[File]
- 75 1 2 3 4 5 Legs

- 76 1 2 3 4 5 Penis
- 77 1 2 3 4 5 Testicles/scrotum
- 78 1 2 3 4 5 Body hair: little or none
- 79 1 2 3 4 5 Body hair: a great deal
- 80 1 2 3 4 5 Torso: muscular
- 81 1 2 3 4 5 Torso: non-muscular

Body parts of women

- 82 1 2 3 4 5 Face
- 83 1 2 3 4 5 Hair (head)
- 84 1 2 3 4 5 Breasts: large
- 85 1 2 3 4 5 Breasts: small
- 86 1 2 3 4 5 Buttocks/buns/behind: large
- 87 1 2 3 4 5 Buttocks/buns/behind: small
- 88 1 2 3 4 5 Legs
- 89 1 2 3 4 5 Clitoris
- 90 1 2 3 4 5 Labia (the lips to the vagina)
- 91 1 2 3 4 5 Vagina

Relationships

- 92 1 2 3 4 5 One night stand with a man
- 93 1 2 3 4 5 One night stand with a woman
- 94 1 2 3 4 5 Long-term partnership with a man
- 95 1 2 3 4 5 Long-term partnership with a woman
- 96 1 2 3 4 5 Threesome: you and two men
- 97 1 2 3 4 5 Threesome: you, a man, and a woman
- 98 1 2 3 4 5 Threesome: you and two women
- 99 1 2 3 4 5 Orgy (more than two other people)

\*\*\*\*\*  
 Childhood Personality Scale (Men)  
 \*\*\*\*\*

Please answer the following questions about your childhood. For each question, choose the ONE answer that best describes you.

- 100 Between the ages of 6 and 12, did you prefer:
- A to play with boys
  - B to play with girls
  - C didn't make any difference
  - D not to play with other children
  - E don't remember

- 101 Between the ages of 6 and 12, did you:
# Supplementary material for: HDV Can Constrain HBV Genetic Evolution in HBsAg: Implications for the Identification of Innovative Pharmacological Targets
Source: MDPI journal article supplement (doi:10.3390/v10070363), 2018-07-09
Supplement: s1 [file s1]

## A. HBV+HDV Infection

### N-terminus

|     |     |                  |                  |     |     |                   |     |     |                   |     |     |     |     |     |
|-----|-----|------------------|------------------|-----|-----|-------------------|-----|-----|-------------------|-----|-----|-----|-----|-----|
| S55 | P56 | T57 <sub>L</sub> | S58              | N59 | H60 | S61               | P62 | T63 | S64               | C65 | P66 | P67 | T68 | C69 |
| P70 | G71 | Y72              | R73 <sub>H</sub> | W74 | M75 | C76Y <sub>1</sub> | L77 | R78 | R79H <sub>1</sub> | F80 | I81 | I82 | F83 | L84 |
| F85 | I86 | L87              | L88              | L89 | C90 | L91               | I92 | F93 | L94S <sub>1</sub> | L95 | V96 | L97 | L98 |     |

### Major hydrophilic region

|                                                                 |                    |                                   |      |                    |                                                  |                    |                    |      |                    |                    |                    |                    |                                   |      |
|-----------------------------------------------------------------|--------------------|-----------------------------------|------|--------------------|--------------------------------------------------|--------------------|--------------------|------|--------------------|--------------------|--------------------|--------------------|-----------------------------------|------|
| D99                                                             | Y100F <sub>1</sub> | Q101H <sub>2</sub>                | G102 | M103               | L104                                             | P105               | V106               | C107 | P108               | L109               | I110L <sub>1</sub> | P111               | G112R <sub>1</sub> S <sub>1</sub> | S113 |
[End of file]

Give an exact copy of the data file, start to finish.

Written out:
- 75 1 2 3 4 5 Legs

- 76 1 2 3 4 5 Penis
- 77 1 2 3 4 5 Testicles/scrotum
- 78 1 2 3 4 5 Body hair: little or none
- 79 1 2 3 4 5 Body hair: a great deal
- 80 1 2 3 4 5 Torso: muscular
- 81 1 2 3 4 5 Torso: non-muscular

Body parts of women

- 82 1 2 3 4 5 Face
- 83 1 2 3 4 5 Hair (head)
- 84 1 2 3 4 5 Breasts: large
- 85 1 2 3 4 5 Breasts: small
- 86 1 2 3 4 5 Buttocks/buns/behind: large
- 87 1 2 3 4 5 Buttocks/buns/behind: small
- 88 1 2 3 4 5 Legs
- 89 1 2 3 4 5 Clitoris
- 90 1 2 3 4 5 Labia (the lips to the vagina)
- 91 1 2 3 4 5 Vagina

Relationships

- 92 1 2 3 4 5 One night stand with a man
- 93 1 2 3 4 5 One night stand with a woman
- 94 1 2 3 4 5 Long-term partnership with a man
- 95 1 2 3 4 5 Long-term partnership with a woman
- 96 1 2 3 4 5 Threesome: you and two men
- 97 1 2 3 4 5 Threesome: you, a man, and a woman
- 98 1 2 3 4 5 Threesome: you and two women
- 99 1 2 3 4 5 Orgy (more than two other people)

\*\*\*\*\*  
 Childhood Personality Scale (Men)  
 \*\*\*\*\*

Please answer the following questions about your childhood. For each question, choose the ONE answer that best describes you.

- 100 Between the ages of 6 and 12, did you prefer:
- A to play with boys
  - B to play with girls
  - C didn't make any difference
  - D not to play with other children
  - E don't remember

- 101 Between the ages of 6 and 12, did you:
# Supplementary material for: HDV Can Constrain HBV Genetic Evolution in HBsAg: Implications for the Identification of Innovative Pharmacological Targets
Source: MDPI journal article supplement (doi:10.3390/v10070363), 2018-07-09
Supplement: s1 [file s1]

## A. HBV+HDV Infection

### N-terminus

|     |     |                  |                  |     |     |                   |     |     |                   |     |     |     |     |     |
|-----|-----|------------------|------------------|-----|-----|-------------------|-----|-----|-------------------|-----|-----|-----|-----|-----|
| S55 | P56 | T57 <sub>L</sub> | S58              | N59 | H60 | S61               | P62 | T63 | S64               | C65 | P66 | P67 | T68 | C69 |
| P70 | G71 | Y72              | R73 <sub>H</sub> | W74 | M75 | C76Y <sub>1</sub> | L77 | R78 | R79H <sub>1</sub> | F80 | I81 | I82 | F83 | L84 |
| F85 | I86 | L87              | L88              | L89 | C90 | L91               | I92 | F93 | L94S <sub>1</sub> | L95 | V96 | L97 | L98 |     |

### Major hydrophilic region

|                                                                 |                    |                                   |      |                    |                                                  |                    |                    |      |                    |                    |                    |                    |                                   |      |
|-----------------------------------------------------------------|--------------------|-----------------------------------|------|--------------------|--------------------------------------------------|--------------------|--------------------|------|--------------------|--------------------|--------------------|--------------------|-----------------------------------|------|
| D99                                                             | Y100F <sub>1</sub> | Q101H <sub>2</sub>                | G102 | M103               | L104                                             | P105               | V106               | C107 | P108               | L109               | I110L <sub>1</sub> | P111               | G112R <sub>1</sub> S <sub>1</sub> | S113 |